• In some organisms, such as humans, fertilization occurs internally, inside the female individual.
• In other organisms, such as sea urchins, fertilization is external and is therefore much easier to observe.
• Injecting sea urchins with potassium chloride (KCl) induces smooth muscle contraction. When the smooth muscle surrounding their gonads contracts it causes them to release their gametes.
• The sex of the sea urchins can only be determined by observing the gametes that are released.
      - a milky white secretion is released from males.
     - larger yellow, red or orange (depending on the species) eggs are released from the females.

surface. The mouth leads to a simple tube called the gut that ends on the anus, an opening on the aboral surface. The upper aboral surface also contains an opening called the madreporite that allows water to enter a series of tubes that control the movement of the tube feet. The upper aboral surface also contains an opening called the gonopore which leads to the gonad. Gametes are released from the gonad via the gonopore. The image also shows the external spike that protect the sea urchin from predators.

Sea Urchin Anatomy
• Sea urchins are covers in sharp spines to protect them from predators.
• The lower surface, containing the mouth, is referred to as the oral surface.
• The mouth contains teeth that the sea urchins use to scrape food off rocks and pilings.
• The upper surface is referred to as the aboral surface.
• The aboral surface contains a few openings including the anus, the gonopore, and the madreporite.
• The gonopore is the opening through which the sea urchins release their gametes from their gonads.
• The madreporite is an opening where sea water enters in to their water vascular system. Water enters into the Ring canal and is distributed via ampullae (not shown) into individual tube feet.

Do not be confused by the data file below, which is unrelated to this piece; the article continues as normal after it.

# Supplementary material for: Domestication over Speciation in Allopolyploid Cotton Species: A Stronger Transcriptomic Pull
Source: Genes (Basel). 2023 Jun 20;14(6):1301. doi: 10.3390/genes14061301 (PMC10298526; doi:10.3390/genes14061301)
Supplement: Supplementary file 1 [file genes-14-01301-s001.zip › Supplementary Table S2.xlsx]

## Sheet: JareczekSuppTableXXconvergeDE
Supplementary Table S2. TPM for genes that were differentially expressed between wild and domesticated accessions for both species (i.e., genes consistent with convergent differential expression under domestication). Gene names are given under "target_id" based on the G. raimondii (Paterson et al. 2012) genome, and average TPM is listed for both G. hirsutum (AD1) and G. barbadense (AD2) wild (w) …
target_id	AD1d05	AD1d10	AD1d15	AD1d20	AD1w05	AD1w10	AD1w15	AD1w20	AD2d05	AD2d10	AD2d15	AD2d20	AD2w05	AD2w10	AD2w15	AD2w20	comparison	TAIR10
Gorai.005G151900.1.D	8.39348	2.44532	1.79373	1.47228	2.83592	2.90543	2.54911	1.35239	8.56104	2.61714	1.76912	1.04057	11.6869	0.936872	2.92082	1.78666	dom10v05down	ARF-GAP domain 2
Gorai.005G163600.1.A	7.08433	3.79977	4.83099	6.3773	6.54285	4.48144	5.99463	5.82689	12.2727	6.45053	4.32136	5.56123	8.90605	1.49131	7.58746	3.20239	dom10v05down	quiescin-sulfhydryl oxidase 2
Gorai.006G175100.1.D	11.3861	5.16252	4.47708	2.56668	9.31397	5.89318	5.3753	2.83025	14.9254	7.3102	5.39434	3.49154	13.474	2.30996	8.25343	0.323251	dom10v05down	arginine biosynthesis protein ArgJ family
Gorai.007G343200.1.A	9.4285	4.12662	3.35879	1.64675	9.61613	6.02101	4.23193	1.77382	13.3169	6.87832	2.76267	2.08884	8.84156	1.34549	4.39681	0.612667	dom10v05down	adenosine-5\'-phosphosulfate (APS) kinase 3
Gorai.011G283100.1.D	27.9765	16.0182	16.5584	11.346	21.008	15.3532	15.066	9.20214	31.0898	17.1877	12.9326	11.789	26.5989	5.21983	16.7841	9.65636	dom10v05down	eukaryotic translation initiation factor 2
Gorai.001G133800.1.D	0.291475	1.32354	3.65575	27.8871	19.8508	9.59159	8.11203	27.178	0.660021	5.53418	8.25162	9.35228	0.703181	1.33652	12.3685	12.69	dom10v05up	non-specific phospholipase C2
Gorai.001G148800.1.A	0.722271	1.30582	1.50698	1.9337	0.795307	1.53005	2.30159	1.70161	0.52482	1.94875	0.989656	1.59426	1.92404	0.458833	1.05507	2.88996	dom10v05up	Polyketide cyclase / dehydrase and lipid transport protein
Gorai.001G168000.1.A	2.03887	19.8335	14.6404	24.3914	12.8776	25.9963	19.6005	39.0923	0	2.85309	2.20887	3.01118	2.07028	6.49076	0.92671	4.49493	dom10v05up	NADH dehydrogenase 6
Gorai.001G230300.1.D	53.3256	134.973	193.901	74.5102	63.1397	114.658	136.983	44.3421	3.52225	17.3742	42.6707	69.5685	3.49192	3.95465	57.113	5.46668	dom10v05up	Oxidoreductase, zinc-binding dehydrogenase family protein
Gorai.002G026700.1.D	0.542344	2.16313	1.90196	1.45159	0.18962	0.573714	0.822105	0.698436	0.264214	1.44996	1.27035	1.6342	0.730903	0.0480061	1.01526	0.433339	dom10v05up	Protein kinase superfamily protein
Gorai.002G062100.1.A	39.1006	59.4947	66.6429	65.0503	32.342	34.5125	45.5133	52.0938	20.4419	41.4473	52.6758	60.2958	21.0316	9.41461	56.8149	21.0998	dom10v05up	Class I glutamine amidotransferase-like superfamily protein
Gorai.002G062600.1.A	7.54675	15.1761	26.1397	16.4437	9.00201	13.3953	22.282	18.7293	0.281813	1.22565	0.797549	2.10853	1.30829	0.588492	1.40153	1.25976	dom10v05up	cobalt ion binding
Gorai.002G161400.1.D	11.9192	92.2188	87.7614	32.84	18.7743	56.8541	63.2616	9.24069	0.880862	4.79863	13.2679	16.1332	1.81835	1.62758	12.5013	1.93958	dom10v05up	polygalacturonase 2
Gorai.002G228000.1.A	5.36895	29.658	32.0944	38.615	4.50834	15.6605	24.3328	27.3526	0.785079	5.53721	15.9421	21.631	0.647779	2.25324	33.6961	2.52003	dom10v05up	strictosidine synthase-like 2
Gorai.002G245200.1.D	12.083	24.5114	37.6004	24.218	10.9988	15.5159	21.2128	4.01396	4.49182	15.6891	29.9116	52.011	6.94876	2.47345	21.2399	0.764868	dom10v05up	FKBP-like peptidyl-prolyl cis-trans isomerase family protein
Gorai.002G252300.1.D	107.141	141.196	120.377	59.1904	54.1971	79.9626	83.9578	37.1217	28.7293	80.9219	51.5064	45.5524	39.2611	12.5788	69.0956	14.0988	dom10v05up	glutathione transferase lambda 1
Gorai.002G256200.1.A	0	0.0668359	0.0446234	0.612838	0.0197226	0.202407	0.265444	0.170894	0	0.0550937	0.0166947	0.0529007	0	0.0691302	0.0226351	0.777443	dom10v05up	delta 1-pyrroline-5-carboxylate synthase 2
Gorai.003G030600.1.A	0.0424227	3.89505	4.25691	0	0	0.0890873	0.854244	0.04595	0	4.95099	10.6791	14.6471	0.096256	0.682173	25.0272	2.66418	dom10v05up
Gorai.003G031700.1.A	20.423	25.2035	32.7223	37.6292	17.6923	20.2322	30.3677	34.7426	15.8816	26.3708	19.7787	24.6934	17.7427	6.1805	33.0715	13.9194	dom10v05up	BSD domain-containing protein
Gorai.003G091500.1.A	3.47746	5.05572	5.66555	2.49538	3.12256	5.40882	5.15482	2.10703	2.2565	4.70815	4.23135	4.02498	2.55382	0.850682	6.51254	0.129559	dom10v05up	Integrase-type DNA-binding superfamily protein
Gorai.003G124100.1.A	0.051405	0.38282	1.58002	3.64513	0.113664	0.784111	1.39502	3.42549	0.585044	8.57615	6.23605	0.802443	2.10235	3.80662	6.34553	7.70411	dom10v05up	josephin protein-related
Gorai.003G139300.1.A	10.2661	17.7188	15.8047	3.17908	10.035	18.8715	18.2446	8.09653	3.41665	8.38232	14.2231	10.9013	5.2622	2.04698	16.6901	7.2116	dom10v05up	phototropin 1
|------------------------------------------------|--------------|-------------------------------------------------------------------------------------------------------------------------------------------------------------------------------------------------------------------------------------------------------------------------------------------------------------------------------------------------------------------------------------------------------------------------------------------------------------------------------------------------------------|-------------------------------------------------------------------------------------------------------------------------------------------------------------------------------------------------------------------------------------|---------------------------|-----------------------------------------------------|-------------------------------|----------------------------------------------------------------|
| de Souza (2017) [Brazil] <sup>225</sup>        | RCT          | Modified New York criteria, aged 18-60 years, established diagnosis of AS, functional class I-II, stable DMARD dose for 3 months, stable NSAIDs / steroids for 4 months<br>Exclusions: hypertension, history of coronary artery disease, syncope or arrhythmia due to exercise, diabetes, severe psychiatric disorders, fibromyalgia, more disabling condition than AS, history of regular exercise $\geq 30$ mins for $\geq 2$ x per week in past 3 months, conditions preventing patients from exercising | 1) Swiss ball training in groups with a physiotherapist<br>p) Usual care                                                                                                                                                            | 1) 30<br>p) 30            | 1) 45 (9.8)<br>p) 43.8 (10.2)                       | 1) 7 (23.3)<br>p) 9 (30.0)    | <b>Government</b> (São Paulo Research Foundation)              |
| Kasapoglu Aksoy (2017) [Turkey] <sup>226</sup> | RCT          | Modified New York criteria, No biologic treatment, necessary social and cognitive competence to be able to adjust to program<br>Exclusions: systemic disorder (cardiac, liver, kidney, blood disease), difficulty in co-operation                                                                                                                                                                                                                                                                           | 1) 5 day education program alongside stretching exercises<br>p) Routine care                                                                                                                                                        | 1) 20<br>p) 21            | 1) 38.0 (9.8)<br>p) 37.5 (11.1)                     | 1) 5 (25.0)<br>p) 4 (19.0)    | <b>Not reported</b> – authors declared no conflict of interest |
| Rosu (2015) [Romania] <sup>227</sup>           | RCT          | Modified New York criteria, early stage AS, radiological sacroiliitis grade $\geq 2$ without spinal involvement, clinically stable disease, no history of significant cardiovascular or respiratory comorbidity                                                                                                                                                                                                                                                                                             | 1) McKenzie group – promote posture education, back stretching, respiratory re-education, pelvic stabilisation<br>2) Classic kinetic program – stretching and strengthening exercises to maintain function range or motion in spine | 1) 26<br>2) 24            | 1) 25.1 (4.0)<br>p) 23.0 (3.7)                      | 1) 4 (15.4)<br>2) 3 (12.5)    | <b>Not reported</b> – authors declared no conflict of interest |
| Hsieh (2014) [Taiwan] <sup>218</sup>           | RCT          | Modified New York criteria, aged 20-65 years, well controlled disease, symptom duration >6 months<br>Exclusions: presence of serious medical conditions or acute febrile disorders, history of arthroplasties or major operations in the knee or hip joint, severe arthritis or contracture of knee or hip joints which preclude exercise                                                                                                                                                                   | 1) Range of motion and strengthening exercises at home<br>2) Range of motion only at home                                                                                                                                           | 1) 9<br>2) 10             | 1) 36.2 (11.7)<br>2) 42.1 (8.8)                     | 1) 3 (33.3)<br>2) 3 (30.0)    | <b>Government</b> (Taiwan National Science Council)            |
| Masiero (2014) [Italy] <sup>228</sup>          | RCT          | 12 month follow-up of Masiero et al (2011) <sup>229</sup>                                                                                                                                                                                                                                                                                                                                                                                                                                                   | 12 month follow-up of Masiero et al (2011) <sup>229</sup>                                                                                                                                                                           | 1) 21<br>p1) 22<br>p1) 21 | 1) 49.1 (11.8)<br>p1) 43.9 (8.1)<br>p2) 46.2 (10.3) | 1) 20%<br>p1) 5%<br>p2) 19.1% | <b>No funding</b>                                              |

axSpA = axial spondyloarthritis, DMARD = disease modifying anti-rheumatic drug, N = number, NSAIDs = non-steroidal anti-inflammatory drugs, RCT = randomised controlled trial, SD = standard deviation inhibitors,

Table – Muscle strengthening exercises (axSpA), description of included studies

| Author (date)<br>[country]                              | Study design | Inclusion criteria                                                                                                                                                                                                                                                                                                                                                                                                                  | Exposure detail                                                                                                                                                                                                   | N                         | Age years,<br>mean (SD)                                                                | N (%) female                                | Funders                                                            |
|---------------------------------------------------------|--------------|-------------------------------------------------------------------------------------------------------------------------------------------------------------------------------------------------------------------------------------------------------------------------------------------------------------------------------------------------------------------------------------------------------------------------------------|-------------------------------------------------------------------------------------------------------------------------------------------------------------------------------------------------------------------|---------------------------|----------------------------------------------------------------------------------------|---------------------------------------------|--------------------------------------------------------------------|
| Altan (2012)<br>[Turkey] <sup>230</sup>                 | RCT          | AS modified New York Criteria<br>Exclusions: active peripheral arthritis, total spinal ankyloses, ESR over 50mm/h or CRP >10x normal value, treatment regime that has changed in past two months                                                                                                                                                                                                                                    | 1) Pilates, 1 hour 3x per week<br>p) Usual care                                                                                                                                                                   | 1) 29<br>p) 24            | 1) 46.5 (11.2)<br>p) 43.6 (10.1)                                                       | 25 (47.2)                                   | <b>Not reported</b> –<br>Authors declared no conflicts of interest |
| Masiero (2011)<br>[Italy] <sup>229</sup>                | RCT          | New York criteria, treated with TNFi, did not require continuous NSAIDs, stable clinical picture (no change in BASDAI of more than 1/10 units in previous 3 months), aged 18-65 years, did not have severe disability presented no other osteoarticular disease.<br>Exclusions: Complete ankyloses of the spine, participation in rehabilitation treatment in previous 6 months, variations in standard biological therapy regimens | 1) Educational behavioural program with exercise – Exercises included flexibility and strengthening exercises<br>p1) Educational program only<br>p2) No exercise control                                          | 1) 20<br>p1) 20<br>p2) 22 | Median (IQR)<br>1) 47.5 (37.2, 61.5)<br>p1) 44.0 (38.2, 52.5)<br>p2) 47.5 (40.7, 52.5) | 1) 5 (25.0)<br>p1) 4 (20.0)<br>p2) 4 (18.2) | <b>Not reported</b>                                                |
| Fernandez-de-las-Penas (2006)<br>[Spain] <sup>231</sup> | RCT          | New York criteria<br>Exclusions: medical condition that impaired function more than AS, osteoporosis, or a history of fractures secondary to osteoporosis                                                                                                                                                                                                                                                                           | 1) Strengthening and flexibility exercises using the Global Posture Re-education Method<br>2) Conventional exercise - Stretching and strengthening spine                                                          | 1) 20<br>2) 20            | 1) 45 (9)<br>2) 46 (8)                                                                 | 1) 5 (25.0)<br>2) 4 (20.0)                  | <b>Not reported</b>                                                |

• The tube feet allow the sea urchin to move and suction tightly to a surface.

Watch the video to see how sea urchin spawning is induced in the lab and how you can distinguish males from females.

Click here to watch Sea Urchin spawning video

Sea Urchin eggs
• Often times when spawning is artificially induced with KCl immature eggs that cannot be fertilized are released along with mature eggs.
• You can distinguish an immature sea urchin egg from a mature egg by its appearance.
• An immature egg has a large nucleus called a germinal vesicle. The mature egg has a much smaller nucleus.
• Look at Figure 5.1 to see the difference between an immature egg and a mature egg.

Figure 5.1 shows an immature egg with its large nucleus on the left and a mature egg with a very small nucleus on the right.

• You can also distinguish an unfertilized sea urchin egg from a fertilized egg by its appearance.
• Fertilized sea urchin eggs appear to have a halo surrounding them. This is called the fertilization envelope.
• Once the egg has been fertilized the fertilization membrane lifts off the surface of the egg to become the fertilization envelope. This envelope prevents additional sperm from fertilizing the egg.
• Look at Figure 5.2 to see the difference between an unfertilized egg and a fertilized egg.

Figure 5.2 shows a mature unfertilized egg with its small nucleus on the left and a mature fertilized egg on the right. The mature fertilized eggs appears to be surrounded by a halo. We can also see many tiny sperm in the upper right and corner near the egg.
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Non-majors College Biology Lab Manual © 2021 by Marie McGovern Ph.D. is licensed under CC BY-NC 4.0